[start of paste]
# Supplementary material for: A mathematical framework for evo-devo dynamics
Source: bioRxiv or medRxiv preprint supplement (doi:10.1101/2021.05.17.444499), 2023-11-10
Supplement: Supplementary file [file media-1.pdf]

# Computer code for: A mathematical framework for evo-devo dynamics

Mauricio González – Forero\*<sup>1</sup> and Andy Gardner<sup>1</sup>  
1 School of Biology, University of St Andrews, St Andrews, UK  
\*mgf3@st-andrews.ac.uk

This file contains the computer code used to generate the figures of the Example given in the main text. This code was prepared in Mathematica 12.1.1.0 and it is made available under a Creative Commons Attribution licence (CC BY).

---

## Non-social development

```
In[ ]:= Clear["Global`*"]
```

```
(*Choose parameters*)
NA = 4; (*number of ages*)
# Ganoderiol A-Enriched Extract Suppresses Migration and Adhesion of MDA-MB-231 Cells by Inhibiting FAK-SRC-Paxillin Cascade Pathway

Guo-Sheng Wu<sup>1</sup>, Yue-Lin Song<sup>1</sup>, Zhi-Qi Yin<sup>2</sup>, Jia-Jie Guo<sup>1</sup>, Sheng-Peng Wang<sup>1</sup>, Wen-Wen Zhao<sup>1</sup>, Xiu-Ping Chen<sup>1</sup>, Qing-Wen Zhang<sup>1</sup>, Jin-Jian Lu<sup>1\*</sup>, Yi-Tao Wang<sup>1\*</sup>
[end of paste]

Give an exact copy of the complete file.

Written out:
# Supplementary material for: A mathematical framework for evo-devo dynamics
Source: bioRxiv or medRxiv preprint supplement (doi:10.1101/2021.05.17.444499), 2023-11-10
Supplement: Supplementary file [file media-1.pdf]

# Computer code for: A mathematical framework for evo-devo dynamics

Mauricio González – Forero\*<sup>1</sup> and Andy Gardner<sup>1</sup>  
1 School of Biology, University of St Andrews, St Andrews, UK  
\*mgf3@st-andrews.ac.uk

This file contains the computer code used to generate the figures of the Example given in the main text. This code was prepared in Mathematica 12.1.1.0 and it is made available under a Creative Commons Attribution licence (CC BY).

---

## Non-social development

```
In[ ]:= Clear["Global`*"]
```

```
(*Choose parameters*)
NA = 4; (*number of ages*)
# Ganoderiol A-Enriched Extract Suppresses Migration and Adhesion of MDA-MB-231 Cells by Inhibiting FAK-SRC-Paxillin Cascade Pathway

Guo-Sheng Wu<sup>1</sup>, Yue-Lin Song<sup>1</sup>, Zhi-Qi Yin<sup>2</sup>, Jia-Jie Guo<sup>1</sup>, Sheng-Peng Wang<sup>1</sup>, Wen-Wen Zhao<sup>1</sup>, Xiu-Ping Chen<sup>1</sup>, Qing-Wen Zhang<sup>1</sup>, Jin-Jian Lu<sup>1\*</sup>, Yi-Tao Wang<sup>1\*</sup>